Tuesday, May 4, 2021

Stories by H Ellison, F Brown and J Bixby from midcentury men's magazines

At the internet archive you can browse literally thousands of 20th-century magazines whose raison d'etre was to print photographs of topless young women.  Many of these magazines also published fiction, and a significant proportion of this fiction was produced by people whose names will be familiar to the science fiction fan.  Today let's check out four such stories, two by Harlan Ellison and one each by Fredric Brown and Jerome Bixby. 

"The Hungry One" by Harlan Ellison (1957)

When it was revised for the 1975 collection No Doors, No Windows, "The Hungry One" was retitled "Nedra at f:5.6."  That's right, this is a story for all you photography nerds!  And even better, a story about New York City!

Our narrator is a photographer who has taken pictures of such luminaries as Anita Ekberg and Bettie Page--hubba hubba!  This October day he is walking around Central Park, taking photos, and he sees the sexiest woman he has ever seen, a redhead not only beautiful but who exudes a desire, radiates a hunger, for sex!  Ellison uses up a lot of ink describing this woman, who is perfect in every way, perfect eyes, perfect voice, perfect body, etc.

Anyway, ensorcelled, the photog addresses her and she immediately takes charge of their relationship, volunteering to pose for him in the park and then in his studio.  Ellison tries to throw in real life New York references, but I have to admit I don't remember a statue of Pulaski in Central Park; maybe Ellison is thinking of the monument to King Jagiello that was made for the Polish pavilion at the 1939 World's Fair; maybe to Ellison all Poles look alike.  This is a painful microaggression that is really diminishing my ability as a Polish-American to enjoy this story!  (Ha, ha.)

The forward beauty, whose name is Nedra, strips on her own initiative in the narrator's studio so he can photograph her naked and then have sex with her.  Ellison goes into great detail about the process of Nedra removing her duds and about her perfect body and about their kisses (her tongue is "like an electric eel") and their rough sexual intercourse.  When I was a thirteen-year old with no access to pornography this story probably would have blown my mind.  As a jaded 49-year-old all the sex stuff feels too long.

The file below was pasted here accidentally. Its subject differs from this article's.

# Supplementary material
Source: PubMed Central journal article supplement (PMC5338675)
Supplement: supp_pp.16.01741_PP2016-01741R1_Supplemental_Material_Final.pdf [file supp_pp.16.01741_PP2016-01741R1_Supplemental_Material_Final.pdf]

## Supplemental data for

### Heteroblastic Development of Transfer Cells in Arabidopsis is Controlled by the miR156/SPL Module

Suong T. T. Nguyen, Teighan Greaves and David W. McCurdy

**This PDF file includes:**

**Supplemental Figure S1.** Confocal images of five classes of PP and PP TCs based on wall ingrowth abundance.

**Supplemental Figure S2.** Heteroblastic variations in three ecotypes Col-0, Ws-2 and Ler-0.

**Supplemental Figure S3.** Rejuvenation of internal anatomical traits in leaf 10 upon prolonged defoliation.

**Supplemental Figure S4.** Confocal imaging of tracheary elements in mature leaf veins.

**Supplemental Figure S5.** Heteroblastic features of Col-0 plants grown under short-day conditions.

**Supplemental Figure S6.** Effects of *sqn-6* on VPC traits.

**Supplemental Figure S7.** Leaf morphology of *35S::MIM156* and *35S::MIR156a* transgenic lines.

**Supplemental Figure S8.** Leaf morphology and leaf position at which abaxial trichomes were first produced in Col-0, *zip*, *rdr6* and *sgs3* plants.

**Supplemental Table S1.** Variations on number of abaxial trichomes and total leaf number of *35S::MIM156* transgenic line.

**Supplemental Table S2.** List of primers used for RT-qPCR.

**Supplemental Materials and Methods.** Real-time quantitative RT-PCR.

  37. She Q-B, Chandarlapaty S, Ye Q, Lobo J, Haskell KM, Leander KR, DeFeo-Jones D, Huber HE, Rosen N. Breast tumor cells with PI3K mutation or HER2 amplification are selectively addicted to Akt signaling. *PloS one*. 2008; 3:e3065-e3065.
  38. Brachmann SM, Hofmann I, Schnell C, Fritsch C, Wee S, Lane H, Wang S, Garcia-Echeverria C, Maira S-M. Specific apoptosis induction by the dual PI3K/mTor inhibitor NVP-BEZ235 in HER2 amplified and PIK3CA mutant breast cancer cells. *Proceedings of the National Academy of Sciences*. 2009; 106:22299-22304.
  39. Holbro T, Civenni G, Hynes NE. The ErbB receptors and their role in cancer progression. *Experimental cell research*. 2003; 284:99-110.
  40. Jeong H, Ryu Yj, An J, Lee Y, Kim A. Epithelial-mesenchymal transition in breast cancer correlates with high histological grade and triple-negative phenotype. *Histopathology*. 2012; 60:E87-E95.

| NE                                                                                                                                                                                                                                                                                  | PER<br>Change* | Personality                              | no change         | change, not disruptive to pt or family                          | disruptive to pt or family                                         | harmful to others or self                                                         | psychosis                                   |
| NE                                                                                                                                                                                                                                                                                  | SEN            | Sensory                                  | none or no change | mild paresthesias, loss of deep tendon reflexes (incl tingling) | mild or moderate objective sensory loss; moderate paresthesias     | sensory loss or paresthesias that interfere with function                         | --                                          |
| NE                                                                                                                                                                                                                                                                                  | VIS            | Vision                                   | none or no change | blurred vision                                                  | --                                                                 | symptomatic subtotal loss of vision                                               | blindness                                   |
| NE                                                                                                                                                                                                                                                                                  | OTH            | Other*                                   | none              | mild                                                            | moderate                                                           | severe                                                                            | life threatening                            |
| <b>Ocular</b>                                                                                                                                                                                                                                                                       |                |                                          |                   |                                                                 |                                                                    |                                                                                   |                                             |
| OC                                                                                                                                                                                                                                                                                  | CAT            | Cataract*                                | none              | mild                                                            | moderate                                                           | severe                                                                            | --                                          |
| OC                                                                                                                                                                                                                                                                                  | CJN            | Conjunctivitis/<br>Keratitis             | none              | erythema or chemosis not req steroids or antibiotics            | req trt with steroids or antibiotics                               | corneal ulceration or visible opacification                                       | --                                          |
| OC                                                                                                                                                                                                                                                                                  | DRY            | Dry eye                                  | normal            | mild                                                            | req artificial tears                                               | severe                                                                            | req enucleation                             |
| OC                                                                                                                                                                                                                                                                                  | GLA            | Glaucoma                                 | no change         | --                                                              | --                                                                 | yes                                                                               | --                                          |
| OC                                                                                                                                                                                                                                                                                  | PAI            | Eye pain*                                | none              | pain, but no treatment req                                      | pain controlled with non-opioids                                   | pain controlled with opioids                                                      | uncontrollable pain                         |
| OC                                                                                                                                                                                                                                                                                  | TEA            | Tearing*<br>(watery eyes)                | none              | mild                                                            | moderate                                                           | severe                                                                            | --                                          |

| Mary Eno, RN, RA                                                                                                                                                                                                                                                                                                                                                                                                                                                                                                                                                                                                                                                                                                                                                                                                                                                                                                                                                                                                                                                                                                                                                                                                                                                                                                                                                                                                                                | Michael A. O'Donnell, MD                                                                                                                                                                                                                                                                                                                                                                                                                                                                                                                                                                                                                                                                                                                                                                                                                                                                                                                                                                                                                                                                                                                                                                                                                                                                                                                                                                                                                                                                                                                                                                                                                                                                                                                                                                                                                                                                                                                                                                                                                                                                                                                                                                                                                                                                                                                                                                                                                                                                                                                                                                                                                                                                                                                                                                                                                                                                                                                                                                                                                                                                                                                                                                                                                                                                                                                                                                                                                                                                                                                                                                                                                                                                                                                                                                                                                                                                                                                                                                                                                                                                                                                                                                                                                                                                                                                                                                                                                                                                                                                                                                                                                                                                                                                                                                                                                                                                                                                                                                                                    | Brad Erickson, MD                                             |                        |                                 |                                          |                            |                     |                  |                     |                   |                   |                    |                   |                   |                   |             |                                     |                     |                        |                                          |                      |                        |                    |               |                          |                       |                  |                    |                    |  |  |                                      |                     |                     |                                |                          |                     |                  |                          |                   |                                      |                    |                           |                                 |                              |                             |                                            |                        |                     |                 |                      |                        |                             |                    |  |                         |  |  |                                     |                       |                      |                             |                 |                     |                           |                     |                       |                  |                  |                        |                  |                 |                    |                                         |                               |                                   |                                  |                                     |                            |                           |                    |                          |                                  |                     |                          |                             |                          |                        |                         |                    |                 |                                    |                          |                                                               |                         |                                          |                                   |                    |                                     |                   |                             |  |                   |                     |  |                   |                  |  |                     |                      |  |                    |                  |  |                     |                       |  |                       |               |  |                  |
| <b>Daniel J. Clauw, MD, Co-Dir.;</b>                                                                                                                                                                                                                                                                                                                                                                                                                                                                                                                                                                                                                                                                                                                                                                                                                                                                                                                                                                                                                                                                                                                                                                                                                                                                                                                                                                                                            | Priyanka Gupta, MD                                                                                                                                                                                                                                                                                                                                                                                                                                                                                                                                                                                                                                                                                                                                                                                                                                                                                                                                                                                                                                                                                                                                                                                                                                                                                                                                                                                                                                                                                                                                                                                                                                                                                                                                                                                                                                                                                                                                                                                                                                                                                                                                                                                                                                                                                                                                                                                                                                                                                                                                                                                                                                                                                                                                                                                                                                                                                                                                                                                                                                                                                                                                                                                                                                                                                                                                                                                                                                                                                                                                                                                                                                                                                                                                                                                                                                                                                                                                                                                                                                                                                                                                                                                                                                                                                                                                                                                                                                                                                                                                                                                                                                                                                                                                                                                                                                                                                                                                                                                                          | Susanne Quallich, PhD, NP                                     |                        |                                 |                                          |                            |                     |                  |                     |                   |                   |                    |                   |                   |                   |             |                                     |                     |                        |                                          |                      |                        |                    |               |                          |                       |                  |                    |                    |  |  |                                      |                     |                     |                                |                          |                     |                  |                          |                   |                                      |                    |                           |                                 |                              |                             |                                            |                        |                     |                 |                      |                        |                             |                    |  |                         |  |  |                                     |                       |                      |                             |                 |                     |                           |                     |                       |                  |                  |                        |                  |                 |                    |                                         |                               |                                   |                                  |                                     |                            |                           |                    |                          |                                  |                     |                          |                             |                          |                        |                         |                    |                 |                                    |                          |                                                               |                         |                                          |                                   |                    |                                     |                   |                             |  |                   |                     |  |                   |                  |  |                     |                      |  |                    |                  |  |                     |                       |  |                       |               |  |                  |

Anyway, all the clues that the girl is a vampire that Ellison has been giving us turn out to be legitimate; when the narrator develops the film Nedra does not show up in any of the exposures, and then she, presumably, kills him.

Out of curiosity I looked at the 1975 revision of the story, which has the subtitle "An Hommage to Fritz Leiber."  Ellison actually rewrote a lot of the text, updating the list of women the narrator has photographed (Rita Moreno is out, Ann-Margaret is in), changing the photographer's age, for example.  In 1957 the narrator shoots two rolls of film of Nedra in the park; in 1975 he takes ten rolls of color film.  The 1975 version also has fewer clues that Nedra is a vampire, though the plot and climax are essentially the same.

Competent, I guess acceptable--or maybe mildly good if you are horny.  Interestingly, the isfdb lists "Nedra at f:5.6" as "non-genre."  This is obviously a vampire story (I mean, the girl's unusual name is an anagram of "drane," means "underground," and includes "dra," as in "Dracula," people!) so I would judge this an isfdb mistake.

If we set aside all the photos of half-naked women, the other thing in the magazine besides the Ellison story worth looking at is an article about Salvador Dali's elaborate art installation at the 1939 New York World's Fair, The Dream of Venus--like Ellison's story, Dali's installation, which featured topless women swimming in a pool with a glass wall, one of them painted to look like a piano keyboard, mixed prurience and a desire to push the envelope with traditional artistic values and skills. 

"Trace" by Jerome Bixby (1961)